In your question, you broke the film down into basics: a mother-son relationship, a contemplated crime, etc. We’ve seen all of those things before and the world of art keeps returning to them—for good reason. So do Chicano/a writers, and yet a barrier continues to exist about the accessibility and “universality” of such work. That was the lesson I took from watching Psycho over and over: the greater world might never see someone like me as the center of a story, yet it keeps insisting I consume the stories it gives me. With the world of art telling me I don’t belong anywhere near the center of it, I have become so intrigued by how and why people tell, invent, and imagine stories about themselves.
Film and television both play important roles in your characters’ lives, defining their hopes, challenging their visions of themselves. Teresa models her own singing on what she’s seen on televisions through the store window. Arlene rejects what she sees on the movie screen. The Actress reflects on her upcoming film role and the process of acting. The Director considers his career amidst changes in the art of moviemaking and reflects on his directorial choices — and it’s clear from your writing about filmmaking, that’s you’re pretty savvy about it all yourself. And yet, your own style doesn’t seem particularly cinematic, since large sections of the novel inhabit interior spaces rather than exterior action. Long intro, short question: How has film influenced you as a writer, in terms of the style and substance of your work?
My answer to the previous question shows you why I was so invested in allowing my characters ways to look and see. They define themselves by the world around them, as we all do. For some of the characters, daydreaming and imagination become all the more powerful as tools to face the world. Bakersfield is a place where not much happens, so it’s natural that the world of daydreaming, wishing, and hoping becomes so essential to survival.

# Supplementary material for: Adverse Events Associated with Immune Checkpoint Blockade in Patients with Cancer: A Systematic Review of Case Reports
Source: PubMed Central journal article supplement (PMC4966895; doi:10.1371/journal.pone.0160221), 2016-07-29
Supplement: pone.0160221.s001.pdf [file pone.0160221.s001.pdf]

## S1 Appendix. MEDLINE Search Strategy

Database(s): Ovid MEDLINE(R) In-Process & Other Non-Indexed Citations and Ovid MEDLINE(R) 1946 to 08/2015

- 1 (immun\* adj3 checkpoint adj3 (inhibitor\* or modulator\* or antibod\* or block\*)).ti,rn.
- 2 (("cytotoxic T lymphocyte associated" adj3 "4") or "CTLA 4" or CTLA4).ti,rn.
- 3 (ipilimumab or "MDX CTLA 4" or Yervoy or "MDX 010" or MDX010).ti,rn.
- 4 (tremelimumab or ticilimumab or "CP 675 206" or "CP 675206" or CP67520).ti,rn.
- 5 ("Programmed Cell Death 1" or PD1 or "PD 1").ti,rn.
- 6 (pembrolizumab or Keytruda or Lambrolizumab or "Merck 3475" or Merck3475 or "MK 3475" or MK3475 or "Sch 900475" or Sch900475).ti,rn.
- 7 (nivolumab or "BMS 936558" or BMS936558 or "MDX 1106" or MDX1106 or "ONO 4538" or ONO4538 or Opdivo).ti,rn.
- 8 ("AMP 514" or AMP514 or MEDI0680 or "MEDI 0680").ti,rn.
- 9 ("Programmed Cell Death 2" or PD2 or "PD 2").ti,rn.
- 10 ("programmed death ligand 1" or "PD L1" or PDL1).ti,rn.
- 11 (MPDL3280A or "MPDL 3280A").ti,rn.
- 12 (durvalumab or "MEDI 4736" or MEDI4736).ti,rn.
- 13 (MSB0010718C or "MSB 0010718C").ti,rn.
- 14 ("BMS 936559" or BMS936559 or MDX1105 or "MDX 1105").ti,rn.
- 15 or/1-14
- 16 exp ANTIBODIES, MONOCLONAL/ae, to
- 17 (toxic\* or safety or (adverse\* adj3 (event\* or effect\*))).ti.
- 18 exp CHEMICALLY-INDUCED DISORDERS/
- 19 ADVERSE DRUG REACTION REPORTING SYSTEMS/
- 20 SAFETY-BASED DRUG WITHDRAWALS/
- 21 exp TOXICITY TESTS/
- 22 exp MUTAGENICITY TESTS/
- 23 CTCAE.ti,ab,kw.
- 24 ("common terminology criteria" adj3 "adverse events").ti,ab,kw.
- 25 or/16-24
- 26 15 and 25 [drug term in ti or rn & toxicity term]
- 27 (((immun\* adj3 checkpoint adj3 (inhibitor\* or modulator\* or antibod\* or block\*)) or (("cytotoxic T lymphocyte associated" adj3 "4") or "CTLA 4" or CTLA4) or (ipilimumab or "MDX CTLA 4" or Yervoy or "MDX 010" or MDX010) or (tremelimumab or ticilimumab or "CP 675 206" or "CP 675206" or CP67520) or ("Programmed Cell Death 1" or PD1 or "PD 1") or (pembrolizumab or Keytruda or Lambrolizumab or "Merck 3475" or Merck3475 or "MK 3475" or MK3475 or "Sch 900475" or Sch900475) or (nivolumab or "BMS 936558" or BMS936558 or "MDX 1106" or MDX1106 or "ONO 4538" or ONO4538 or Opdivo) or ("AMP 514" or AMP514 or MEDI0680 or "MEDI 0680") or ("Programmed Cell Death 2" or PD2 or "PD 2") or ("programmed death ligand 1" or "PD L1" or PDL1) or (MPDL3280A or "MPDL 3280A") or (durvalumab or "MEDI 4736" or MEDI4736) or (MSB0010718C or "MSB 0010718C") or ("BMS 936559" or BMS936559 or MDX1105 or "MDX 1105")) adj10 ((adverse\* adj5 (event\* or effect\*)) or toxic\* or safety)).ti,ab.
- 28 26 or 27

I disagree with you a little bit on “cinematic,” though your question clearly shows that you mean it in a different way. I’ve seen that term come up various times in reviews of all three of my books. Maybe what they mean is that I take great effort to visually define the landscape of the Central Valley, to give my characters a place in which to act out their lives. I like to use paragraphs as ways to mimic camera moments (like pans, slow zooms, close-ups, and cross-cuts). If you mean “cinematic” as an equation to exterior action only, then you’re correct, but that’s exactly why I write books. Films have a terrible time giving us access to the interior lives of most characters. As viewers, we have to rely on plot, dialogue, and sometimes even voiceover or titles as signals that a character shift has occurred.
When authors allow you deep access to their characters’ minds and hearts, their books are much more shattering at demonstrating those shifts to us. I think film has taught me how to pay attention to those moments because silence in films is so infrequent. One of my favorite film moments is a scene in Woody Allen’s Interiors, after Geraldine Page has run dramatically out of a church. The next moment is quiet: she’s crossing a room in her nightgown, drinking from a glass, and you can tell she’s thinking. For someone like me, that’s a wonderful moment of inspiration. What is she thinking? I start to study her face, her hand, the speed of her pacing, etc. All of those details together, in a written passage, can be marvelous groundwork for character, and a reader gets the privilege of making some very private discoveries. In a film, it goes by in a flash because silence never lasts for long on the screen.
One of the advance reviews noted that you had “upended the conventional crime novel.” Are you a reader of mysteries and thrillers? And how conscious were you of the conventions of suspense fiction — and of breaking what others might perceive as the rules of genre writing?